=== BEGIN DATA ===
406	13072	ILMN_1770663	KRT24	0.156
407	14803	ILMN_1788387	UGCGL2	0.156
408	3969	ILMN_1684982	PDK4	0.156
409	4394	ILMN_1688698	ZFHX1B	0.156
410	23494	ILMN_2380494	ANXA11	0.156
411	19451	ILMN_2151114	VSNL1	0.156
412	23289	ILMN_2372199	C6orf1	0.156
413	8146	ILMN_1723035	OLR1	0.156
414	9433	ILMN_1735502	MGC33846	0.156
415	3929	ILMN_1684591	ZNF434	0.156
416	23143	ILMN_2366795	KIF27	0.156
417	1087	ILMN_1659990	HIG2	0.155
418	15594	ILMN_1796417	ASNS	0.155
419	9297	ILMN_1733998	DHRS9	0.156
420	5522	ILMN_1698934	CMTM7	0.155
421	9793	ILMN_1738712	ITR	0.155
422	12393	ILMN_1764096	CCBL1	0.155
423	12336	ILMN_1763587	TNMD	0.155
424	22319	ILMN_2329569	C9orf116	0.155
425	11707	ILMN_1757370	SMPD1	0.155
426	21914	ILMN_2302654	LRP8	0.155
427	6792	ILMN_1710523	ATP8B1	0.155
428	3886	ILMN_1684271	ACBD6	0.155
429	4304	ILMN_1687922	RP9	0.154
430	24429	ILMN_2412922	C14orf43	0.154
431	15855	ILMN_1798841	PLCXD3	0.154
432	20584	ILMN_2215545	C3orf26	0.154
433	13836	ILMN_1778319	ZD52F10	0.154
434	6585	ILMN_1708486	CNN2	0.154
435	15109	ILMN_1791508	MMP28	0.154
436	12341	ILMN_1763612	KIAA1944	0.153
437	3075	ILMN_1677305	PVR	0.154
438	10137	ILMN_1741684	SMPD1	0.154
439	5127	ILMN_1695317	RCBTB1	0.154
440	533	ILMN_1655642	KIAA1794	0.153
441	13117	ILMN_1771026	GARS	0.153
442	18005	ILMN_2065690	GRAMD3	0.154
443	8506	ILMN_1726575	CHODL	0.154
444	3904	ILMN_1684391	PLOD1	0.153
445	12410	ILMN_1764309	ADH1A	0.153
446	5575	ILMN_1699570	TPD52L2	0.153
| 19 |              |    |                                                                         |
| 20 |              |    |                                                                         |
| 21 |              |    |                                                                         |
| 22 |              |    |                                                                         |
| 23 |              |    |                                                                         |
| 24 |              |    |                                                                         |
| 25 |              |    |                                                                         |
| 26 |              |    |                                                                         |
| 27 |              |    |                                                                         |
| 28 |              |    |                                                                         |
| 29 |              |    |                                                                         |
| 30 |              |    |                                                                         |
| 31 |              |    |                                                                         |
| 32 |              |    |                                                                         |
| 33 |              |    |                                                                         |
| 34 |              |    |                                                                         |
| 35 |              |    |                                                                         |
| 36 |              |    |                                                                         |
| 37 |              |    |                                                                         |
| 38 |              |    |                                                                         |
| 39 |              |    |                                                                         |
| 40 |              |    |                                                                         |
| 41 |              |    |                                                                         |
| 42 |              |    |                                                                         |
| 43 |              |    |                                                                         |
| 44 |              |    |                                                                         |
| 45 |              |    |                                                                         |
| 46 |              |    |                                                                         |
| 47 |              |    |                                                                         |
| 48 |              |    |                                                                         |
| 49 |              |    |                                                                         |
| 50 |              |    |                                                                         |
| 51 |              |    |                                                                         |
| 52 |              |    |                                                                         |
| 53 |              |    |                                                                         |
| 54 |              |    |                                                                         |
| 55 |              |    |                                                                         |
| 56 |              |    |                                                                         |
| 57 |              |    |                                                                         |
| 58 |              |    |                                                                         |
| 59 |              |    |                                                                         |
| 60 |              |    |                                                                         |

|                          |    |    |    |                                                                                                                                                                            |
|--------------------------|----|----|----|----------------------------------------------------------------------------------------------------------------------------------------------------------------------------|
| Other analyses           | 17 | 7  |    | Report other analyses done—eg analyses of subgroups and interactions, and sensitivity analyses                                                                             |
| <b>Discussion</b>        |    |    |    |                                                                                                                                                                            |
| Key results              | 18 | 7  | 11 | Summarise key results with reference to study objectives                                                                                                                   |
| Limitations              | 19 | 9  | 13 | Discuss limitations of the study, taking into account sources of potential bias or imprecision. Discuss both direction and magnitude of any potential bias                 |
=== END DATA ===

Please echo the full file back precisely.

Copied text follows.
406	13072	ILMN_1770663	KRT24	0.156
407	14803	ILMN_1788387	UGCGL2	0.156
408	3969	ILMN_1684982	PDK4	0.156
409	4394	ILMN_1688698	ZFHX1B	0.156
410	23494	ILMN_2380494	ANXA11	0.156
411	19451	ILMN_2151114	VSNL1	0.156
412	23289	ILMN_2372199	C6orf1	0.156
413	8146	ILMN_1723035	OLR1	0.156
414	9433	ILMN_1735502	MGC33846	0.156
415	3929	ILMN_1684591	ZNF434	0.156
416	23143	ILMN_2366795	KIF27	0.156
417	1087	ILMN_1659990	HIG2	0.155
418	15594	ILMN_1796417	ASNS	0.155
419	9297	ILMN_1733998	DHRS9	0.156
420	5522	ILMN_1698934	CMTM7	0.155
421	9793	ILMN_1738712	ITR	0.155
422	12393	ILMN_1764096	CCBL1	0.155
423	12336	ILMN_1763587	TNMD	0.155
424	22319	ILMN_2329569	C9orf116	0.155
425	11707	ILMN_1757370	SMPD1	0.155
426	21914	ILMN_2302654	LRP8	0.155
427	6792	ILMN_1710523	ATP8B1	0.155
428	3886	ILMN_1684271	ACBD6	0.155
429	4304	ILMN_1687922	RP9	0.154
430	24429	ILMN_2412922	C14orf43	0.154
431	15855	ILMN_1798841	PLCXD3	0.154
432	20584	ILMN_2215545	C3orf26	0.154
433	13836	ILMN_1778319	ZD52F10	0.154
434	6585	ILMN_1708486	CNN2	0.154
435	15109	ILMN_1791508	MMP28	0.154
436	12341	ILMN_1763612	KIAA1944	0.153
437	3075	ILMN_1677305	PVR	0.154
438	10137	ILMN_1741684	SMPD1	0.154
439	5127	ILMN_1695317	RCBTB1	0.154
440	533	ILMN_1655642	KIAA1794	0.153
441	13117	ILMN_1771026	GARS	0.153
442	18005	ILMN_2065690	GRAMD3	0.154
443	8506	ILMN_1726575	CHODL	0.154
444	3904	ILMN_1684391	PLOD1	0.153
445	12410	ILMN_1764309	ADH1A	0.153
446	5575	ILMN_1699570	TPD52L2	0.153
| 19 |              |    |                                                                         |
| 20 |              |    |                                                                         |
| 21 |              |    |                                                                         |
| 22 |              |    |                                                                         |
| 23 |              |    |                                                                         |
| 24 |              |    |                                                                         |
| 25 |              |    |                                                                         |
| 26 |              |    |                                                                         |
| 27 |              |    |                                                                         |
| 28 |              |    |                                                                         |
| 29 |              |    |                                                                         |
| 30 |              |    |                                                                         |
| 31 |              |    |                                                                         |
| 32 |              |    |                                                                         |
| 33 |              |    |                                                                         |
| 34 |              |    |                                                                         |
| 35 |              |    |                                                                         |
| 36 |              |    |                                                                         |
| 37 |              |    |                                                                         |
| 38 |              |    |                                                                         |
| 39 |              |    |                                                                         |
| 40 |              |    |                                                                         |
| 41 |              |    |                                                                         |
| 42 |              |    |                                                                         |
| 43 |              |    |                                                                         |
| 44 |              |    |                                                                         |
| 45 |              |    |                                                                         |
| 46 |              |    |                                                                         |
| 47 |              |    |                                                                         |
| 48 |              |    |                                                                         |
| 49 |              |    |                                                                         |
| 50 |              |    |                                                                         |
| 51 |              |    |                                                                         |
| 52 |              |    |                                                                         |
| 53 |              |    |                                                                         |
| 54 |              |    |                                                                         |
| 55 |              |    |                                                                         |
| 56 |              |    |                                                                         |
| 57 |              |    |                                                                         |
| 58 |              |    |                                                                         |
| 59 |              |    |                                                                         |
| 60 |              |    |                                                                         |

|                          |    |    |    |                                                                                                                                                                            |
|--------------------------|----|----|----|----------------------------------------------------------------------------------------------------------------------------------------------------------------------------|
| Other analyses           | 17 | 7  |    | Report other analyses done—eg analyses of subgroups and interactions, and sensitivity analyses                                                                             |
| <b>Discussion</b>        |    |    |    |                                                                                                                                                                            |
| Key results              | 18 | 7  | 11 | Summarise key results with reference to study objectives                                                                                                                   |
| Limitations              | 19 | 9  | 13 | Discuss limitations of the study, taking into account sources of potential bias or imprecision. Discuss both direction and magnitude of any potential bias                 |